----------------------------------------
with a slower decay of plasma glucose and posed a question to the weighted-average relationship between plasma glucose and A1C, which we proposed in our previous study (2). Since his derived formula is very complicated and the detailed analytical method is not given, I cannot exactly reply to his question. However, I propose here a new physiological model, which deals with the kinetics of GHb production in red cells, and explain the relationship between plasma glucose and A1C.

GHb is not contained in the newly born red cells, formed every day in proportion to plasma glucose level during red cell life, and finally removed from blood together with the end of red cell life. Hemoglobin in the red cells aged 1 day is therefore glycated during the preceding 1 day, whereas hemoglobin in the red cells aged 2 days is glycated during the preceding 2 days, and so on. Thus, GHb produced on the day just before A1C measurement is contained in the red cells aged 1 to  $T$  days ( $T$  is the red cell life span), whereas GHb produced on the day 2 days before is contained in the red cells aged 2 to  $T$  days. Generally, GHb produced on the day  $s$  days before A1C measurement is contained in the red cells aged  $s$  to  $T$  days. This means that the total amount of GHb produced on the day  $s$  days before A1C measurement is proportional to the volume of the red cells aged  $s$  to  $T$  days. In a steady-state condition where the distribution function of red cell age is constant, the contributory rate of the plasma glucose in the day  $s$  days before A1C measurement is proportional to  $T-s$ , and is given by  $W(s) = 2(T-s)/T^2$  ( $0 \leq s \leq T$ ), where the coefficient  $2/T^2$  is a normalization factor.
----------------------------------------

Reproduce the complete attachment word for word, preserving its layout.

with a slower decay of plasma glucose and posed a question to the weighted-average relationship between plasma glucose and A1C, which we proposed in our previous study (2). Since his derived formula is very complicated and the detailed analytical method is not given, I cannot exactly reply to his question. However, I propose here a new physiological model, which deals with the kinetics of GHb production in red cells, and explain the relationship between plasma glucose and A1C.

GHb is not contained in the newly born red cells, formed every day in proportion to plasma glucose level during red cell life, and finally removed from blood together with the end of red cell life. Hemoglobin in the red cells aged 1 day is therefore glycated during the preceding 1 day, whereas hemoglobin in the red cells aged 2 days is glycated during the preceding 2 days, and so on. Thus, GHb produced on the day just before A1C measurement is contained in the red cells aged 1 to  $T$  days ( $T$  is the red cell life span), whereas GHb produced on the day 2 days before is contained in the red cells aged 2 to  $T$  days. Generally, GHb produced on the day  $s$  days before A1C measurement is contained in the red cells aged  $s$  to  $T$  days. This means that the total amount of GHb produced on the day  $s$  days before A1C measurement is proportional to the volume of the red cells aged  $s$  to  $T$  days. In a steady-state condition where the distribution function of red cell age is constant, the contributory rate of the plasma glucose in the day  $s$  days before A1C measurement is proportional to  $T-s$ , and is given by  $W(s) = 2(T-s)/T^2$  ( $0 \leq s \leq T$ ), where the coefficient  $2/T^2$  is a normalization factor.